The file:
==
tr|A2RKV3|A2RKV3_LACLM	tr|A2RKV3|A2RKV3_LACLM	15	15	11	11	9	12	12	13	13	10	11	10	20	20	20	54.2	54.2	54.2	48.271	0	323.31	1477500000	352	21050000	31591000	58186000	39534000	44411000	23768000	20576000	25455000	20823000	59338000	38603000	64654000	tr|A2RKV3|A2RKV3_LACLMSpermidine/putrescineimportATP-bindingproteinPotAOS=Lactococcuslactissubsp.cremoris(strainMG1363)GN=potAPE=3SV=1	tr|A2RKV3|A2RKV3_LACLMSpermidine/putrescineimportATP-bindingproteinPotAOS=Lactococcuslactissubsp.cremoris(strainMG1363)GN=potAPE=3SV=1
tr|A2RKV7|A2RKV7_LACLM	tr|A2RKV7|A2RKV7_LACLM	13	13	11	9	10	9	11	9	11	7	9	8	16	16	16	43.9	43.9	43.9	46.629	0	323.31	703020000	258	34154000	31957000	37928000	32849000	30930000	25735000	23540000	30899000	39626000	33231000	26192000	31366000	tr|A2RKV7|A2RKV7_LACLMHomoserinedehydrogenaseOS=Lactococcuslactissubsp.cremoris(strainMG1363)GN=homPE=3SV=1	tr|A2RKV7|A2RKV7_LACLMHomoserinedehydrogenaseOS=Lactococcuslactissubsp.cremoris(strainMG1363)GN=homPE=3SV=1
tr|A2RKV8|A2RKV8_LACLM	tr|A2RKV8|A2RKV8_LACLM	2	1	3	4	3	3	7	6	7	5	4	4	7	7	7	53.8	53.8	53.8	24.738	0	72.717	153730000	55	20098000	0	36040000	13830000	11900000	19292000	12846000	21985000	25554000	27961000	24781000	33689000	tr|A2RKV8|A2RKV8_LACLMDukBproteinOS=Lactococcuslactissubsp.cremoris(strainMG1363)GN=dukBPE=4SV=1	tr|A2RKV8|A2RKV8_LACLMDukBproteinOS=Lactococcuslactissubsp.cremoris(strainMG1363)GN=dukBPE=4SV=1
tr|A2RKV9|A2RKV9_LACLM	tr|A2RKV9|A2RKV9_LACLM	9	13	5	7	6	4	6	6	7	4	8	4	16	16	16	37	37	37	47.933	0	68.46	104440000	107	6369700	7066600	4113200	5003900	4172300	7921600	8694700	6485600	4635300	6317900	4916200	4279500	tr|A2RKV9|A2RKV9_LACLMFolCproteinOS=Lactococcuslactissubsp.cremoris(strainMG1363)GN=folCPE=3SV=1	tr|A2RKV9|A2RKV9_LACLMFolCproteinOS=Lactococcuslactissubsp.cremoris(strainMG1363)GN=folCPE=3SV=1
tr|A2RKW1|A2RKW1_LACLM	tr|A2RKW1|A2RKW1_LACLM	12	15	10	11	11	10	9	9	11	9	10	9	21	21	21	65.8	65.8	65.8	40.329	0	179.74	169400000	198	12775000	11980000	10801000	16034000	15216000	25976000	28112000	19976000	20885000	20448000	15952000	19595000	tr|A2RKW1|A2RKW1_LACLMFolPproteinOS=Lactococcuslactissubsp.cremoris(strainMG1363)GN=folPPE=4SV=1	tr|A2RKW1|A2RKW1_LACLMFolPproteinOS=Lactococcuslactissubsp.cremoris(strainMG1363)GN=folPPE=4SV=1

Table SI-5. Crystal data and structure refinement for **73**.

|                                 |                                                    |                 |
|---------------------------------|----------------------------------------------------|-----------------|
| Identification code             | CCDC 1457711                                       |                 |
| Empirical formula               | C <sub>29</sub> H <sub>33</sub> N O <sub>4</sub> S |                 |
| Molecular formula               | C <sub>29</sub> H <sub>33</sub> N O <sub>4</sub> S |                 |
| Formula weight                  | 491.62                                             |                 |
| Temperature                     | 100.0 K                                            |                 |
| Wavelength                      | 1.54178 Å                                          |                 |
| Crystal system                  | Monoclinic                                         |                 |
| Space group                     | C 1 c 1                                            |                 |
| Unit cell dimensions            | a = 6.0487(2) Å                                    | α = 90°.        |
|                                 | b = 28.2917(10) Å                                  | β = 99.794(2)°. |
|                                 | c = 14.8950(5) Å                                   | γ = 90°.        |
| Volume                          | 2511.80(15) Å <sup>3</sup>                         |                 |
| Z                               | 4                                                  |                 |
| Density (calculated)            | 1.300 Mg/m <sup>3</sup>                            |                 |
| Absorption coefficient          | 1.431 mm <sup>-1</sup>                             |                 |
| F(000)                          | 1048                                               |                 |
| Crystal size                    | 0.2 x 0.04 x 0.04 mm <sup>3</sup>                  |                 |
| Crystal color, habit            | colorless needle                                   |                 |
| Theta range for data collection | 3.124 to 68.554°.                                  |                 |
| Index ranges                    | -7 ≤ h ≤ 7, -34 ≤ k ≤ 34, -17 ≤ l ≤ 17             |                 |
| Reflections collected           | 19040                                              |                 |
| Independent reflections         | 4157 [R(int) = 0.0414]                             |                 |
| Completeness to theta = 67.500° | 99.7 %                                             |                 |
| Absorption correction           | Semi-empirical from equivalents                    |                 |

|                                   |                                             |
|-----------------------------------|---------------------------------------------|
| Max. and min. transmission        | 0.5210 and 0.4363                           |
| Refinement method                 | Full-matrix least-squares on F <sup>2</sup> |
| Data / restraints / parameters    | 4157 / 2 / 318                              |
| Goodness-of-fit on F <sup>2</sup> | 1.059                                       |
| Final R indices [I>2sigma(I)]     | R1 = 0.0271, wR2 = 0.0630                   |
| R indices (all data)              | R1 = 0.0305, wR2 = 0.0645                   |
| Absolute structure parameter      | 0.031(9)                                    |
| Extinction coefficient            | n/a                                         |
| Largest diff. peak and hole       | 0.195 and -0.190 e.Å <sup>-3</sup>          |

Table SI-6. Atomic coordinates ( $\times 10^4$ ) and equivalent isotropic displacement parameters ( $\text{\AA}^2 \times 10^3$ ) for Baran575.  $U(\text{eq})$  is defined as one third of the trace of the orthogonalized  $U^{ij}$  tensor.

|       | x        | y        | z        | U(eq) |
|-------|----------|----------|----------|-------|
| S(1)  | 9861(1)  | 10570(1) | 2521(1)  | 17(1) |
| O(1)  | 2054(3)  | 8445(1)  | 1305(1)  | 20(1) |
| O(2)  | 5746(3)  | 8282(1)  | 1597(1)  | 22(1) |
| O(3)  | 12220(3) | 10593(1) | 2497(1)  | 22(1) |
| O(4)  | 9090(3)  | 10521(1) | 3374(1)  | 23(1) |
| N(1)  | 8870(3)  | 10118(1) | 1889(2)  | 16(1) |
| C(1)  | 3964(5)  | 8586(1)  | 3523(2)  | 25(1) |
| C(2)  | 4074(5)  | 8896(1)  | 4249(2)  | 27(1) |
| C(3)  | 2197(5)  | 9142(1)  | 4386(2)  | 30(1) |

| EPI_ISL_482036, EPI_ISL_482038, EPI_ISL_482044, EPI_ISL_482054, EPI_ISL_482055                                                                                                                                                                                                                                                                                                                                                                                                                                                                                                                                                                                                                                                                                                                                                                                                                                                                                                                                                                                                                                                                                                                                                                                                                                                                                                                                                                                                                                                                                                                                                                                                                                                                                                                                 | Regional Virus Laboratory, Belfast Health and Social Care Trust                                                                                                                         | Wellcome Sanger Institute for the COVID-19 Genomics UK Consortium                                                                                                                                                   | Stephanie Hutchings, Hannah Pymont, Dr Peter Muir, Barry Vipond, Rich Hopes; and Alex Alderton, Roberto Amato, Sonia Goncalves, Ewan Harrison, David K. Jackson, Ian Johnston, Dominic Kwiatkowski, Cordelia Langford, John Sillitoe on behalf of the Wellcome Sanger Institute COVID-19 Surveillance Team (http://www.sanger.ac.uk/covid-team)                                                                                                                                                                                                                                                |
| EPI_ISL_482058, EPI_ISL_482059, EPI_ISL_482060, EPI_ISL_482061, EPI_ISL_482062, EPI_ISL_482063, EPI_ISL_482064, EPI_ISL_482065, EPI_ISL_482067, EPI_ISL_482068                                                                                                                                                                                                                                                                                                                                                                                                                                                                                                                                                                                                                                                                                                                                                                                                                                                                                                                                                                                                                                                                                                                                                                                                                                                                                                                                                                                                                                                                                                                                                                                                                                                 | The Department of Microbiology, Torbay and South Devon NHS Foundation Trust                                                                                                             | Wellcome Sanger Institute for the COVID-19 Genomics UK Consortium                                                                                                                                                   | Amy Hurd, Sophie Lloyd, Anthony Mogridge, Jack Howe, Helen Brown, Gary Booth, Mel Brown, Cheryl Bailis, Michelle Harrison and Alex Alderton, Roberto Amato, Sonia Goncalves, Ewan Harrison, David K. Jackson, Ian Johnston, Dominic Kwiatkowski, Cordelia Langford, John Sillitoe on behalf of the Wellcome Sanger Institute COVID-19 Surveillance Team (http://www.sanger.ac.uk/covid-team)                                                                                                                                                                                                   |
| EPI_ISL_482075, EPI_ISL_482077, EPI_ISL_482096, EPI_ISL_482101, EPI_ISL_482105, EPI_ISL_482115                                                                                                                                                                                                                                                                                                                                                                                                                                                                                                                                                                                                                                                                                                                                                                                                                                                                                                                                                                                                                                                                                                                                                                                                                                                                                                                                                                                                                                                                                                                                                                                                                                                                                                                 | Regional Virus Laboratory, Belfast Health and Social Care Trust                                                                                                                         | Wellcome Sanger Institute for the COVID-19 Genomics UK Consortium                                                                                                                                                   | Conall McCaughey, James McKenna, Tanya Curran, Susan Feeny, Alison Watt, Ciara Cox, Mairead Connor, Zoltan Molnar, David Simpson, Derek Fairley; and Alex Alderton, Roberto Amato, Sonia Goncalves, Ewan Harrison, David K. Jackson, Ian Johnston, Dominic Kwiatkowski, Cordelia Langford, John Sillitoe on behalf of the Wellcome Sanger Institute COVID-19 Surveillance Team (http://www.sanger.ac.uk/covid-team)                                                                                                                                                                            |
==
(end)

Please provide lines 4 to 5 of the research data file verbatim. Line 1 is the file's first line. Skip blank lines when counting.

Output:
tr|A2RKV9|A2RKV9_LACLM	tr|A2RKV9|A2RKV9_LACLM	9	13	5	7	6	4	6	6	7	4	8	4	16	16	16	37	37	37	47.933	0	68.46	104440000	107	6369700	7066600	4113200	5003900	4172300	7921600	8694700	6485600	4635300	6317900	4916200	4279500	tr|A2RKV9|A2RKV9_LACLMFolCproteinOS=Lactococcuslactissubsp.cremoris(strainMG1363)GN=folCPE=3SV=1	tr|A2RKV9|A2RKV9_LACLMFolCproteinOS=Lactococcuslactissubsp.cremoris(strainMG1363)GN=folCPE=3SV=1
tr|A2RKW1|A2RKW1_LACLM	tr|A2RKW1|A2RKW1_LACLM	12	15	10	11	11	10	9	9	11	9	10	9	21	21	21	65.8	65.8	65.8	40.329	0	179.74	169400000	198	12775000	11980000	10801000	16034000	15216000	25976000	28112000	19976000	20885000	20448000	15952000	19595000	tr|A2RKW1|A2RKW1_LACLMFolPproteinOS=Lactococcuslactissubsp.cremoris(strainMG1363)GN=folPPE=4SV=1	tr|A2RKW1|A2RKW1_LACLMFolPproteinOS=Lactococcuslactissubsp.cremoris(strainMG1363)GN=folPPE=4SV=1